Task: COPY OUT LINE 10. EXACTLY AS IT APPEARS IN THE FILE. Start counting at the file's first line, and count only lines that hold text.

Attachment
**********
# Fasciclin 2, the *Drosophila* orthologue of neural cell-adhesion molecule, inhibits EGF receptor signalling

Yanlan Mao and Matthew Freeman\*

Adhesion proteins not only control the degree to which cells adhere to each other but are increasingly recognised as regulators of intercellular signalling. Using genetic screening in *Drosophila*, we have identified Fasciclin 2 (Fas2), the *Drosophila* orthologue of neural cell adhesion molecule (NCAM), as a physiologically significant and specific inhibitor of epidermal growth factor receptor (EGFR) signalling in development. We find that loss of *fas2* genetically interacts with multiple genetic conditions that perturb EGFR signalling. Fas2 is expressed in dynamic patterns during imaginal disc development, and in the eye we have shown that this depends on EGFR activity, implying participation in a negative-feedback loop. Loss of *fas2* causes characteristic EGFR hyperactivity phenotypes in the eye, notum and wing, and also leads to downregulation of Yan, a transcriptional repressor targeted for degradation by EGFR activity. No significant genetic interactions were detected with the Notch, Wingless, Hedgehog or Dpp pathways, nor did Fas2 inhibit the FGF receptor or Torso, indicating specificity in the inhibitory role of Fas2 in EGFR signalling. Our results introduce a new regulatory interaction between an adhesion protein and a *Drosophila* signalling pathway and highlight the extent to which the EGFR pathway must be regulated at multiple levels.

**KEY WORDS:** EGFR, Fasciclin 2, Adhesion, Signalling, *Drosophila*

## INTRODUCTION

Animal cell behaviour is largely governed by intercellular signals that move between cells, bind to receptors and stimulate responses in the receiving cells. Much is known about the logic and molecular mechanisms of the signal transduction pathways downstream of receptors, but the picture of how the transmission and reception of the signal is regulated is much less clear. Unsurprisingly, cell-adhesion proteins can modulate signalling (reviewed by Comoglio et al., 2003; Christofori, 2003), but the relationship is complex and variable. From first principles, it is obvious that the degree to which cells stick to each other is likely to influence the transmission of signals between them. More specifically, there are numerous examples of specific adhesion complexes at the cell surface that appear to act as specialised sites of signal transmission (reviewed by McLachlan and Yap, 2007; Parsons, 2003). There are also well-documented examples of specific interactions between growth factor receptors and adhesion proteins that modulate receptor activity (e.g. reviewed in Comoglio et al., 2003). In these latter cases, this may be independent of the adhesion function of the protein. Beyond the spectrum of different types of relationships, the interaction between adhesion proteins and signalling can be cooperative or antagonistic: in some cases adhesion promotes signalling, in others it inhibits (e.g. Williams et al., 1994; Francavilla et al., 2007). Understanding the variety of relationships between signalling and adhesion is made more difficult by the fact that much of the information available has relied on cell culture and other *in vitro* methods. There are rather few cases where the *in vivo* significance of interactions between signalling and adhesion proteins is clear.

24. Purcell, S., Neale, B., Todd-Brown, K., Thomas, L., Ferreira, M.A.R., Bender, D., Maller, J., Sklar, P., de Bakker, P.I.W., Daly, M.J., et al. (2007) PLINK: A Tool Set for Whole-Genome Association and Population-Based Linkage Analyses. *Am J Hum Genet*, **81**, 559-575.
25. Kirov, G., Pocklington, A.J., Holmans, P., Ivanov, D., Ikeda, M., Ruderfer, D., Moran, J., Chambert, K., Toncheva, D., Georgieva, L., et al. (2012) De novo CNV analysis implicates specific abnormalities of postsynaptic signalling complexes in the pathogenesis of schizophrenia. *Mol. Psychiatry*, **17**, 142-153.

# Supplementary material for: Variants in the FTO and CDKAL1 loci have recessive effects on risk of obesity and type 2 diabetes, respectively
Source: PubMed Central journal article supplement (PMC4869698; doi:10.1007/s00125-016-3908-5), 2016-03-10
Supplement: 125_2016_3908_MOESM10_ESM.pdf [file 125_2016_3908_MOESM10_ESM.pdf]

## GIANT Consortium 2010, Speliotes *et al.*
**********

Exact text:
Source: PubMed Central journal article supplement (PMC4869698; doi:10.1007/s00125-016-3908-5), 2016-03-10